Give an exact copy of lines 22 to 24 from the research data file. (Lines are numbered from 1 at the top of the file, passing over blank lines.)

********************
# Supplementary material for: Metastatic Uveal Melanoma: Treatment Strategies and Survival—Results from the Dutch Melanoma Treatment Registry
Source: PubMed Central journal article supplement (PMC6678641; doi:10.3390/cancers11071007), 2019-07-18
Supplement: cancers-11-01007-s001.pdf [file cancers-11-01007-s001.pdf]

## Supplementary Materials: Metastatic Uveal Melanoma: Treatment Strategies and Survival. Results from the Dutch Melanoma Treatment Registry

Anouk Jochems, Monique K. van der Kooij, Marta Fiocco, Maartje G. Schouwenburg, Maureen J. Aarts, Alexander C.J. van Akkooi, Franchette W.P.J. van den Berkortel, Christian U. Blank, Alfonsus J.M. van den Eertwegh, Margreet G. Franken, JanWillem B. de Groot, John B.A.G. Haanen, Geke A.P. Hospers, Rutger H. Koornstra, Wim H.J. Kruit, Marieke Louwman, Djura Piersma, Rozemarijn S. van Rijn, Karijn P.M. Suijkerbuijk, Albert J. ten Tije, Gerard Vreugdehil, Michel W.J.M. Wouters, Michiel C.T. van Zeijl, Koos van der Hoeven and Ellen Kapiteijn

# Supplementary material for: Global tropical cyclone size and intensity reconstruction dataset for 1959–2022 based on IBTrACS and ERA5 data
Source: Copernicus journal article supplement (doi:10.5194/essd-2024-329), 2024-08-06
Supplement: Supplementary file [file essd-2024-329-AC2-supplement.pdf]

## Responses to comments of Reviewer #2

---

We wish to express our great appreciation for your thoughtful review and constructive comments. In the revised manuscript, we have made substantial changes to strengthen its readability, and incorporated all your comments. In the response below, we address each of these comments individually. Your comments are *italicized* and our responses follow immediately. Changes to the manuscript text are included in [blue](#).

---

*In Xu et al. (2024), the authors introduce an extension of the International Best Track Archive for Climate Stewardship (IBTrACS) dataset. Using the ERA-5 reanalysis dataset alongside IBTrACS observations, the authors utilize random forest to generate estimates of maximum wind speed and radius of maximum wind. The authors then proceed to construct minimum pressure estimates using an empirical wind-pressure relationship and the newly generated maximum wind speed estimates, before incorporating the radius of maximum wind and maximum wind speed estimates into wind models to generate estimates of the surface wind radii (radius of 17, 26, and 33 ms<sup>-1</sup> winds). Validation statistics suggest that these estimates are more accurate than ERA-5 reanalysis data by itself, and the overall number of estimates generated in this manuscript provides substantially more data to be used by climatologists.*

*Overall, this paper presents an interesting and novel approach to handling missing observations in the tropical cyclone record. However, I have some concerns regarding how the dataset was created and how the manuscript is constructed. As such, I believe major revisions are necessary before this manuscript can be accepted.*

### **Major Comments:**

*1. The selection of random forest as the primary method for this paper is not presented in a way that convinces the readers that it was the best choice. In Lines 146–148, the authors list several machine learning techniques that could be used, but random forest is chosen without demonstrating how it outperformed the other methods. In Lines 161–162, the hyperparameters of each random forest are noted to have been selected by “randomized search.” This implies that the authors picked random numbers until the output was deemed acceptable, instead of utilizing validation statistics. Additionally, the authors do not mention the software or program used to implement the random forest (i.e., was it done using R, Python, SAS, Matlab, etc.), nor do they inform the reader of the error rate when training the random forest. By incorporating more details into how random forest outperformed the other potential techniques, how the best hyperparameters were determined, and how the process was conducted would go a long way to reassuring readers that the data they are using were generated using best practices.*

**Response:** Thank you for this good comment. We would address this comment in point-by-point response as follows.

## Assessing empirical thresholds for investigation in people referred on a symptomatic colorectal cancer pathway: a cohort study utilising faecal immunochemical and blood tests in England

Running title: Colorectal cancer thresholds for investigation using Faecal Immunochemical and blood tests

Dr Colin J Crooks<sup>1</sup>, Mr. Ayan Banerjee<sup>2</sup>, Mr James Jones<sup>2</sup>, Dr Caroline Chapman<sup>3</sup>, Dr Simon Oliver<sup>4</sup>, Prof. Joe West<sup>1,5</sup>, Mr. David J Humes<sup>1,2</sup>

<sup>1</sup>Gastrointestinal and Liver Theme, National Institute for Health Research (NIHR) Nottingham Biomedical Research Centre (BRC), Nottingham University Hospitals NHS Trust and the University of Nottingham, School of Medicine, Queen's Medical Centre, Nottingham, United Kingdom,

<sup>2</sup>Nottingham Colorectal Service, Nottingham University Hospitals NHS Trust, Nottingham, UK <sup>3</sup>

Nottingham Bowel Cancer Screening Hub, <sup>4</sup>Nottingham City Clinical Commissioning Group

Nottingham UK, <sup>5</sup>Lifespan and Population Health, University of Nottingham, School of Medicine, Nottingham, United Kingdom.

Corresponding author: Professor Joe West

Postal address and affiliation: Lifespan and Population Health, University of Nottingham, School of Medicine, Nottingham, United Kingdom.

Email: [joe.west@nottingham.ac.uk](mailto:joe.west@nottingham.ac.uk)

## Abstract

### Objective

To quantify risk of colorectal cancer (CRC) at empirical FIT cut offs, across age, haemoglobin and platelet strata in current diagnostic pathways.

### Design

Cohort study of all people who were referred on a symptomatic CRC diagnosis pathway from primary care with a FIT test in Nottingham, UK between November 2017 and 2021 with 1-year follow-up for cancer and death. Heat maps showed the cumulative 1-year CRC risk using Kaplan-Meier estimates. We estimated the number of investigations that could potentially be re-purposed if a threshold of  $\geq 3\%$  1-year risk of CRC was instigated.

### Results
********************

<sup>2</sup>Nottingham Colorectal Service, Nottingham University Hospitals NHS Trust, Nottingham, UK <sup>3</sup>

Nottingham Bowel Cancer Screening Hub, <sup>4</sup>Nottingham City Clinical Commissioning Group

Nottingham UK, <sup>5</sup>Lifespan and Population Health, University of Nottingham, School of Medicine, Nottingham, United Kingdom.